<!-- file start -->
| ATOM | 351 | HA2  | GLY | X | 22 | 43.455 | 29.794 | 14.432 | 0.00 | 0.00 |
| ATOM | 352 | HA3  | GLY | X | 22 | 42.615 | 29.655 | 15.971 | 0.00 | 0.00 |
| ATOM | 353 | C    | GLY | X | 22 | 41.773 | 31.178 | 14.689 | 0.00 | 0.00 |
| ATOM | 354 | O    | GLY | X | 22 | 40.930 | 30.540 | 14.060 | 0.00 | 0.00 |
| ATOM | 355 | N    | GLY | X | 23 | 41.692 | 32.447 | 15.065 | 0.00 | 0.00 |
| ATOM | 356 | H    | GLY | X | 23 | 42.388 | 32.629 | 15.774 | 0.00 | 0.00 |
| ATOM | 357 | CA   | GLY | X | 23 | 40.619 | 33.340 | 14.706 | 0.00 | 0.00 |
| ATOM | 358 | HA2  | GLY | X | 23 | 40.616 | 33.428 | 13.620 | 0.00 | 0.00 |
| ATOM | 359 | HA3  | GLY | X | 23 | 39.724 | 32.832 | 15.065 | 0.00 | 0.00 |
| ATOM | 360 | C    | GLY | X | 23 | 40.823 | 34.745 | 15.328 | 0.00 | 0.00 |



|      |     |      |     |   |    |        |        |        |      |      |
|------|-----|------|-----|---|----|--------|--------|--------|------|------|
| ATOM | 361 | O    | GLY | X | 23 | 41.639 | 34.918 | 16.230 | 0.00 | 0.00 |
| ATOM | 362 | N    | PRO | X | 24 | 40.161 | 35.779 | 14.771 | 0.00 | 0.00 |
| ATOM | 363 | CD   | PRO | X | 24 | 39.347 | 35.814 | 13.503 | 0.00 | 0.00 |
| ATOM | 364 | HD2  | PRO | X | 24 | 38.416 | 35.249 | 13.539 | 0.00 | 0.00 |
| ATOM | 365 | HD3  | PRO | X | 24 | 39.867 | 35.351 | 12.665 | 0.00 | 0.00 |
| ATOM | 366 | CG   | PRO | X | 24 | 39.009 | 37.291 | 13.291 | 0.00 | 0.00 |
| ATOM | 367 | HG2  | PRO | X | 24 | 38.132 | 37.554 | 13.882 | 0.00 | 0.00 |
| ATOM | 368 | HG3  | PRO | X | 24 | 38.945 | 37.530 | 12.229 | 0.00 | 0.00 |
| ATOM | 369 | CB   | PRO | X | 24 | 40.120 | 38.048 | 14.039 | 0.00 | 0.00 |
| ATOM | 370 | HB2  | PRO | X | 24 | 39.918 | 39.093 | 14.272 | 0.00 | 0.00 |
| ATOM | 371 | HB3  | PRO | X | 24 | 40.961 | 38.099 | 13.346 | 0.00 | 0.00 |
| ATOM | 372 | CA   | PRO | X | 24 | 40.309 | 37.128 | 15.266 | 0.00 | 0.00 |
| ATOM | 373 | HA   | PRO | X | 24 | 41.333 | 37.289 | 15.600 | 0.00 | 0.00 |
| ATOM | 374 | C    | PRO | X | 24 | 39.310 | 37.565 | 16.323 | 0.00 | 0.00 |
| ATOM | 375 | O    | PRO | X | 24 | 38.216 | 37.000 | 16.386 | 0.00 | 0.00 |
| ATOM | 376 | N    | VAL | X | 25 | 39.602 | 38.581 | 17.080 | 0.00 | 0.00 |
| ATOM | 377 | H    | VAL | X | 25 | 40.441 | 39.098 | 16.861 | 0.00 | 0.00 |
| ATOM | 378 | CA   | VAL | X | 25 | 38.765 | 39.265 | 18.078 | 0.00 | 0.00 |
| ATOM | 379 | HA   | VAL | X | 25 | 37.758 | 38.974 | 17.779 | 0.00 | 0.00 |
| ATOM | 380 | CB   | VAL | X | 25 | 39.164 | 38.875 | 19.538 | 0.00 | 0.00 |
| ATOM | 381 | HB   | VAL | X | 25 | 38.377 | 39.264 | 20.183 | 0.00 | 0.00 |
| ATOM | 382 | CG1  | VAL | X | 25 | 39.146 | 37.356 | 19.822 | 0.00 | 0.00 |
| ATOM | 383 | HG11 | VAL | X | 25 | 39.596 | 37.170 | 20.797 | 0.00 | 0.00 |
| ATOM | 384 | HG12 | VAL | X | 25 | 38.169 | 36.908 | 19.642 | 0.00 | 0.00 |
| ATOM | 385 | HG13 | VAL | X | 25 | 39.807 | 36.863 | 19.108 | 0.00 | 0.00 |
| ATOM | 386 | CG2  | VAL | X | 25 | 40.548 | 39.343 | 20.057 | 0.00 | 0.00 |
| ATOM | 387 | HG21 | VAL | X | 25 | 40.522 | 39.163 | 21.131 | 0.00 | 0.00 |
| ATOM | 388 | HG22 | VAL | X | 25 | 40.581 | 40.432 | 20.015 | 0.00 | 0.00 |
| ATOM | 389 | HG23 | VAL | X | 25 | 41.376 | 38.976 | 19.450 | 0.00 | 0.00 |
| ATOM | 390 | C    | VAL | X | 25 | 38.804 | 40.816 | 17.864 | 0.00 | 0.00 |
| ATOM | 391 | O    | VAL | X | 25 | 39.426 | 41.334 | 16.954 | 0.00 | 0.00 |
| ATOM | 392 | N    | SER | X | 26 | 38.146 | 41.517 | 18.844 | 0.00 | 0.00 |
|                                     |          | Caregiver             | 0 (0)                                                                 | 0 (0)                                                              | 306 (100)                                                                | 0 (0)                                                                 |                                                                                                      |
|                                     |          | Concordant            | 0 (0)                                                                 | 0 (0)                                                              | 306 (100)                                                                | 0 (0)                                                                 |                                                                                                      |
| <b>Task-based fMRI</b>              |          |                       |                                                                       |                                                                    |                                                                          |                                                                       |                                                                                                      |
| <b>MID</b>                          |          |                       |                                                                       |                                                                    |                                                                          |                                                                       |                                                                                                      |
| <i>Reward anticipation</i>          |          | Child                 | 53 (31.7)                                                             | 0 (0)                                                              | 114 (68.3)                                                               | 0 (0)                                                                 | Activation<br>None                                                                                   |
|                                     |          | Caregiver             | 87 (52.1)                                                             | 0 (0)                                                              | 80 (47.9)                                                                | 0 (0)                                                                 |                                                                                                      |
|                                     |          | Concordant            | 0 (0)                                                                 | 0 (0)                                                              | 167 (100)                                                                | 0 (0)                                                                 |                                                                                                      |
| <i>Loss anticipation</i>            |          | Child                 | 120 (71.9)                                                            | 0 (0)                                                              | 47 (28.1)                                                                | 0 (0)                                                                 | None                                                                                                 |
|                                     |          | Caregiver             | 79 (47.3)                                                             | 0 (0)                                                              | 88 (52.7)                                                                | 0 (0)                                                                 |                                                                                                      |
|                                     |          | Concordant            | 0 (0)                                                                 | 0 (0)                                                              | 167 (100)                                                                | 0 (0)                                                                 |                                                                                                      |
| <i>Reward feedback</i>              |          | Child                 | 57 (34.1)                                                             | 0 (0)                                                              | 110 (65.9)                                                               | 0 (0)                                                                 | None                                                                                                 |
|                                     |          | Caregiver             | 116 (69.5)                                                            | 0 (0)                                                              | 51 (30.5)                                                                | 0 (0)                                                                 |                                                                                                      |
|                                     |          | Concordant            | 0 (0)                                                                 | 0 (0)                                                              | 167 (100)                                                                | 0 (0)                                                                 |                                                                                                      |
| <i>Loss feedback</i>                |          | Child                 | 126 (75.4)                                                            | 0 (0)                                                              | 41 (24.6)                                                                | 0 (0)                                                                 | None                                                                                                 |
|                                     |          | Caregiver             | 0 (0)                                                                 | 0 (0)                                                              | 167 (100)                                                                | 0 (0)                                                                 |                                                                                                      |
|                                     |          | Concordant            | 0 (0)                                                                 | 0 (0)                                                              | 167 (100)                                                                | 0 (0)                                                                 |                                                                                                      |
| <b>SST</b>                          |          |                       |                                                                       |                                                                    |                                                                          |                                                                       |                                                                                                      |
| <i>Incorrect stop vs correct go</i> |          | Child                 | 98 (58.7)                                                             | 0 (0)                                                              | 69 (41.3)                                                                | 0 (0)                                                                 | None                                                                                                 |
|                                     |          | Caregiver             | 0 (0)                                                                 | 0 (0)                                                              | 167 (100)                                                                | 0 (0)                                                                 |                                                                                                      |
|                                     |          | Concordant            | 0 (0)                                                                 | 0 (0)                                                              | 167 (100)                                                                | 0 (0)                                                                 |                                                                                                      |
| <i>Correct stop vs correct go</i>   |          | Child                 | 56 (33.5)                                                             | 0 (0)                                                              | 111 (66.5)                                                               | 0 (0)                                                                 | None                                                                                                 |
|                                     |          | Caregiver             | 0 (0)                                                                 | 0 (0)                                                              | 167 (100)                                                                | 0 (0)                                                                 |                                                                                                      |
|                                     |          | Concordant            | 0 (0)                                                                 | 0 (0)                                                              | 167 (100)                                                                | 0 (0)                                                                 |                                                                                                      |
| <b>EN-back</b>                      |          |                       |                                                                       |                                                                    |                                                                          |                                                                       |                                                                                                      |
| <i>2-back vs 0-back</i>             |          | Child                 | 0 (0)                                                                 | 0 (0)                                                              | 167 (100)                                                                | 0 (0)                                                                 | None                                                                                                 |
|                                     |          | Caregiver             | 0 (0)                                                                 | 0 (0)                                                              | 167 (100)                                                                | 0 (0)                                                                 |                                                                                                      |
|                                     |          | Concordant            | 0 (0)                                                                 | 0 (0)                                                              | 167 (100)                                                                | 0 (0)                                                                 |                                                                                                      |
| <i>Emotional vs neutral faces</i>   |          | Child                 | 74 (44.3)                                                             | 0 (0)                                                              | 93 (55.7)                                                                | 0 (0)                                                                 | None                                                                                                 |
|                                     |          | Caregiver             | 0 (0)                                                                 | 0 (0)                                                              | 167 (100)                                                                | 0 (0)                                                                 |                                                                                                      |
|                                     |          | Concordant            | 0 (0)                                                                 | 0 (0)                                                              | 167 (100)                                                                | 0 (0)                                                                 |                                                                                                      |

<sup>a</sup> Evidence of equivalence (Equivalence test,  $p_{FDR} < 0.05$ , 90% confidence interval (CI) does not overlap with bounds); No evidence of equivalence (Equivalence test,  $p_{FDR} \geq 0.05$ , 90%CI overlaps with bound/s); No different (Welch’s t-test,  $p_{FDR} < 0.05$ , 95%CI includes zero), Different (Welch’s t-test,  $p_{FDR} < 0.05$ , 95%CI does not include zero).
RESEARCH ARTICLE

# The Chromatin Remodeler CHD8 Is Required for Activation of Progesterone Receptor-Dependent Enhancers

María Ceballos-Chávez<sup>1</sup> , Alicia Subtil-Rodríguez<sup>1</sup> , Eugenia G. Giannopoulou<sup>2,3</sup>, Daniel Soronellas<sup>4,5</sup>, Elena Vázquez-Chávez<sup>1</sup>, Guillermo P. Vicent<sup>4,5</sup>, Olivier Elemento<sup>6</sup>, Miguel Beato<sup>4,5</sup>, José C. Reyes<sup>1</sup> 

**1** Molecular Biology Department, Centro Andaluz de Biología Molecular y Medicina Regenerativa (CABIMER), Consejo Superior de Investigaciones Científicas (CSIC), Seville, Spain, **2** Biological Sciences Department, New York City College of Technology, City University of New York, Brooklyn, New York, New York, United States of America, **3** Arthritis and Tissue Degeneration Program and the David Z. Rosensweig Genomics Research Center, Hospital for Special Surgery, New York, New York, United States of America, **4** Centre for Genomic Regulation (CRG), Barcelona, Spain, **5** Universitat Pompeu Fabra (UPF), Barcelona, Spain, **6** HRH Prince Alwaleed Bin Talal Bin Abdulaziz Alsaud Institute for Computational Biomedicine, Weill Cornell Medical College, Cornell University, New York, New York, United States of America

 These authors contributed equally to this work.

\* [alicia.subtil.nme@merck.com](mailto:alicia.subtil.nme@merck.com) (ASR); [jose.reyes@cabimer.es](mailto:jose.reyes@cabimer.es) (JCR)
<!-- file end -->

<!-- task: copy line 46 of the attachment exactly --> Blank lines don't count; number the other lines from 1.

|                                     |          | Concordant            | 0 (0)                                                                 | 0 (0)                                                              | 306 (100)                                                                | 0 (0)                                                                 |                                                                                                      |